The only way to really learn about investing is to commit a meaningful amount of your own money to the market. Investing "on paper” doesn’t produce the same amount of concentration and attentiveness (not to mention, anxiety) necessary to effectively learn the fundamentals of finance and investor behavior. You have to have skin in the game.
But first, you need to develop a personal, common sense investment plan (and then, of course, you have to actually follow the plan).
The plan should be customized to your particular investment objectives and your own unique tolerance for risk (which really means your tolerance for loss). It should follow a logical investment strategy that is easy for you to understand, implement and monitor and you should use broadly diversified, low cost (and no-load) mutual funds or ETFs. Asset allocation should be an important part of the strategy to produce a balanced portfolio that will better withstand stock market volatility.
There are a number of good books that can help you get started and provide you with a sound strategy and some well-diversified, low-cost fund recommendations to help you construct your portfolio. I highly recommend reading John Bogel's The Little Book of Common Sense Investing or Rick Ferri's All About Index Funds.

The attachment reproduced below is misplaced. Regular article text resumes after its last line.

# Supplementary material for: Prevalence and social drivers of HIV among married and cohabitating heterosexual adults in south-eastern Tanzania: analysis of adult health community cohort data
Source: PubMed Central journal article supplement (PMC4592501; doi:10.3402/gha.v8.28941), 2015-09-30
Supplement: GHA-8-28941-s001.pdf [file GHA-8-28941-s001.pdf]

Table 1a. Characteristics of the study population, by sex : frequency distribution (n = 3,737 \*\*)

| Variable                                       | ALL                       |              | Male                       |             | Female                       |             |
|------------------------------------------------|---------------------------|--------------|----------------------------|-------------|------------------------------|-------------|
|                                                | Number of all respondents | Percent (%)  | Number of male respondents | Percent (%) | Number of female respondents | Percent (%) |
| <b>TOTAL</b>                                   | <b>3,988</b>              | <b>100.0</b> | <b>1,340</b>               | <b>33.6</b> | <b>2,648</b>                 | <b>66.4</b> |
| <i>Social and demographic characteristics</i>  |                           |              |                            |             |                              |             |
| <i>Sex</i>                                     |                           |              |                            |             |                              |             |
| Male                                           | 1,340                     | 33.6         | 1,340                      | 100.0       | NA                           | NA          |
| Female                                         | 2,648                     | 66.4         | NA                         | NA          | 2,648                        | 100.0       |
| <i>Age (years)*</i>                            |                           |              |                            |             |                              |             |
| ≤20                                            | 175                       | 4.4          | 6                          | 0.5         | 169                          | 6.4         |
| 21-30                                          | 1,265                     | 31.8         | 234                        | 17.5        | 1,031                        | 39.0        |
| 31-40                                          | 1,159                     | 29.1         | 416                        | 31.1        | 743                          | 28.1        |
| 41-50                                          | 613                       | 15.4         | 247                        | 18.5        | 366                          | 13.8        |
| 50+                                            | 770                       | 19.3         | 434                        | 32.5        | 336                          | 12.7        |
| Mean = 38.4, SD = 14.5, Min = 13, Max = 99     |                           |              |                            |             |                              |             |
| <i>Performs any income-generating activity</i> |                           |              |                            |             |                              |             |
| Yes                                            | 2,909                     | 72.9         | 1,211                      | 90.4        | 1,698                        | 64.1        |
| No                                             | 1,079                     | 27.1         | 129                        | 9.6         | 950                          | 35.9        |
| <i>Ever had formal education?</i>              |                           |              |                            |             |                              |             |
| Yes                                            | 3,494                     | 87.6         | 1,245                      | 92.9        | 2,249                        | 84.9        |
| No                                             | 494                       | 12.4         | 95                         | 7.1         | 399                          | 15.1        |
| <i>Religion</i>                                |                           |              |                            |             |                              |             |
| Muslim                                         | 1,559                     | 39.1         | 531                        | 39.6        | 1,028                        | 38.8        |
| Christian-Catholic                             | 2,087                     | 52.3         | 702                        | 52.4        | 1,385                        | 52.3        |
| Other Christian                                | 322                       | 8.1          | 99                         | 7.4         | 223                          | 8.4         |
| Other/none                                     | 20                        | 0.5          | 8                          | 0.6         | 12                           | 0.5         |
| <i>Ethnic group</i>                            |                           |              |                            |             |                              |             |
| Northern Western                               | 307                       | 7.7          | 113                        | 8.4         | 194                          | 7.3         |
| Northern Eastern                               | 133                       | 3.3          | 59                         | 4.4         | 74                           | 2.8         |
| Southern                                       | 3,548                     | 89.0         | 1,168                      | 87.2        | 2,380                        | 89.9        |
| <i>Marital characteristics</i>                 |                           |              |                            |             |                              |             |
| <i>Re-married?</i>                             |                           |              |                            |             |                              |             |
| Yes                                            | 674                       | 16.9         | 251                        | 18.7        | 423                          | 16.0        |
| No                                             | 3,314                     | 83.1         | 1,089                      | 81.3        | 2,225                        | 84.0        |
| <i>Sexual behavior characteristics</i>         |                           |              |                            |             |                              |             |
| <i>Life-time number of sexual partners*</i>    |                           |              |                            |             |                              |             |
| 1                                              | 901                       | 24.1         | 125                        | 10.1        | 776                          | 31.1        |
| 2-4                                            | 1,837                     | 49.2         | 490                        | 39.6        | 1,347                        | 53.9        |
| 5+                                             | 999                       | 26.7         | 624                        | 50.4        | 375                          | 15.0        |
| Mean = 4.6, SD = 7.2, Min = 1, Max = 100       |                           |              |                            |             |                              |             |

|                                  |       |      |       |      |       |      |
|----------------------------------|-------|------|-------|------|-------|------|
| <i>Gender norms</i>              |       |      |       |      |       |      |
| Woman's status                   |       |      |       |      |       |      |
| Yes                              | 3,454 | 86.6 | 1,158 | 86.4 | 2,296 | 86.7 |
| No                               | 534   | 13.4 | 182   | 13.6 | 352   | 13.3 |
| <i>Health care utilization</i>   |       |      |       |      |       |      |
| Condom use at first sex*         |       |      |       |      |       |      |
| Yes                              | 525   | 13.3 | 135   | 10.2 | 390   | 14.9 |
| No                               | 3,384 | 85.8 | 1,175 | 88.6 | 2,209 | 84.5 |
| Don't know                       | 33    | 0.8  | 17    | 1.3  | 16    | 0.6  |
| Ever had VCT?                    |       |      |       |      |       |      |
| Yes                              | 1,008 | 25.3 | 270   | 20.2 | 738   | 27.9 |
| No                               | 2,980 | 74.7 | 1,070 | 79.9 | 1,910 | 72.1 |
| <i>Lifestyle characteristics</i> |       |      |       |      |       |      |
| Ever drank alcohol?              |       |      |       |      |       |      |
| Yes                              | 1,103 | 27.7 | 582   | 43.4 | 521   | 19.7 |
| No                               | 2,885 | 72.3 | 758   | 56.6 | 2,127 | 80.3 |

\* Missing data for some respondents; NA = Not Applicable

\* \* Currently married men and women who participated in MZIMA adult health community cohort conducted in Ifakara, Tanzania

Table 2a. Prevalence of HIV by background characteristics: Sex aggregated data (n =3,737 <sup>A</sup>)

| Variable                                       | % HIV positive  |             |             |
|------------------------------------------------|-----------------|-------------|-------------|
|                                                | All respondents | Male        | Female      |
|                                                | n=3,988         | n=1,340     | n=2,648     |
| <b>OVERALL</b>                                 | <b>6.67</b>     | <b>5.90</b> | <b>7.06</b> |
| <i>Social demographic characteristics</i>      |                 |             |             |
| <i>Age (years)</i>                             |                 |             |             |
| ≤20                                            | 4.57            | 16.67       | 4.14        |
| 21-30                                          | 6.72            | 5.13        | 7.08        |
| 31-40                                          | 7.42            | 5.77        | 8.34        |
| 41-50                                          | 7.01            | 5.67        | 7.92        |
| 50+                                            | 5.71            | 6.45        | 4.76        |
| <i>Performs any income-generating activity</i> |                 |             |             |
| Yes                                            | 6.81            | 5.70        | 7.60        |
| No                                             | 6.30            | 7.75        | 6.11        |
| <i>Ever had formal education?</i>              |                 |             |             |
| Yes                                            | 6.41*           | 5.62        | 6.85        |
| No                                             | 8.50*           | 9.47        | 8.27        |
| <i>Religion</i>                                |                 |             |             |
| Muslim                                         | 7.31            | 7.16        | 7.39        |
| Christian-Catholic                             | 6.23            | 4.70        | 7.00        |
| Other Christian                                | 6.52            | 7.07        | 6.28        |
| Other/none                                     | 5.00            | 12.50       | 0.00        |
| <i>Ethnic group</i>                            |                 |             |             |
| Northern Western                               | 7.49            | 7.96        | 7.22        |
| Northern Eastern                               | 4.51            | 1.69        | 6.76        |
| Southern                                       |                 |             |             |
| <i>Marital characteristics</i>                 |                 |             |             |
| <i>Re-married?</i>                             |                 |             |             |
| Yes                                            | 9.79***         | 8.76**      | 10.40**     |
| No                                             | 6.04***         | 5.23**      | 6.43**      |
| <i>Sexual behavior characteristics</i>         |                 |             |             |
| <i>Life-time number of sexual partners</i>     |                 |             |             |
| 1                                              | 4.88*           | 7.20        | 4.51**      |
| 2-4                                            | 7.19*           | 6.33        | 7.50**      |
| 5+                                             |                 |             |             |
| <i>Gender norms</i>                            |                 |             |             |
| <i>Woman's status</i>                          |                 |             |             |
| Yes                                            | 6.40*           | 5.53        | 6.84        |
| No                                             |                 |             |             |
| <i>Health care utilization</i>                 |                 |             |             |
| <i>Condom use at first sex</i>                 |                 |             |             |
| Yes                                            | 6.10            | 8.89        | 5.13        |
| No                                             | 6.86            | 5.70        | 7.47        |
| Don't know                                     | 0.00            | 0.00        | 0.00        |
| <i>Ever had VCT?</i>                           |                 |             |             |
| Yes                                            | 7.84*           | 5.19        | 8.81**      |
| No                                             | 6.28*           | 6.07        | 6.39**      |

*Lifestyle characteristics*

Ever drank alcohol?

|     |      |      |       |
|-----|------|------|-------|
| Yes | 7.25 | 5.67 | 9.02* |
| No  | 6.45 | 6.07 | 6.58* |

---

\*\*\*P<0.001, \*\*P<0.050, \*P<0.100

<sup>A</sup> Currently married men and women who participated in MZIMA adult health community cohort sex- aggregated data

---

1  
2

One final bit of advice: Once you have your investments in place, leave them alone. Resist the temptation to buy and sell based on what you think the market is going to do. Monitor how you are doing but no more than once a month.
The first lesson we all have to learn is: You can’t beat the market! So don’t try.
Experience is a very effective teacher, but that education seldom comes cheap. We learn our most valuable lessons through expensive mistakes. But if you can stick to the basics and follow sound investment advice, you can learn the fundamentals and develop your investing skills without losing your shirt.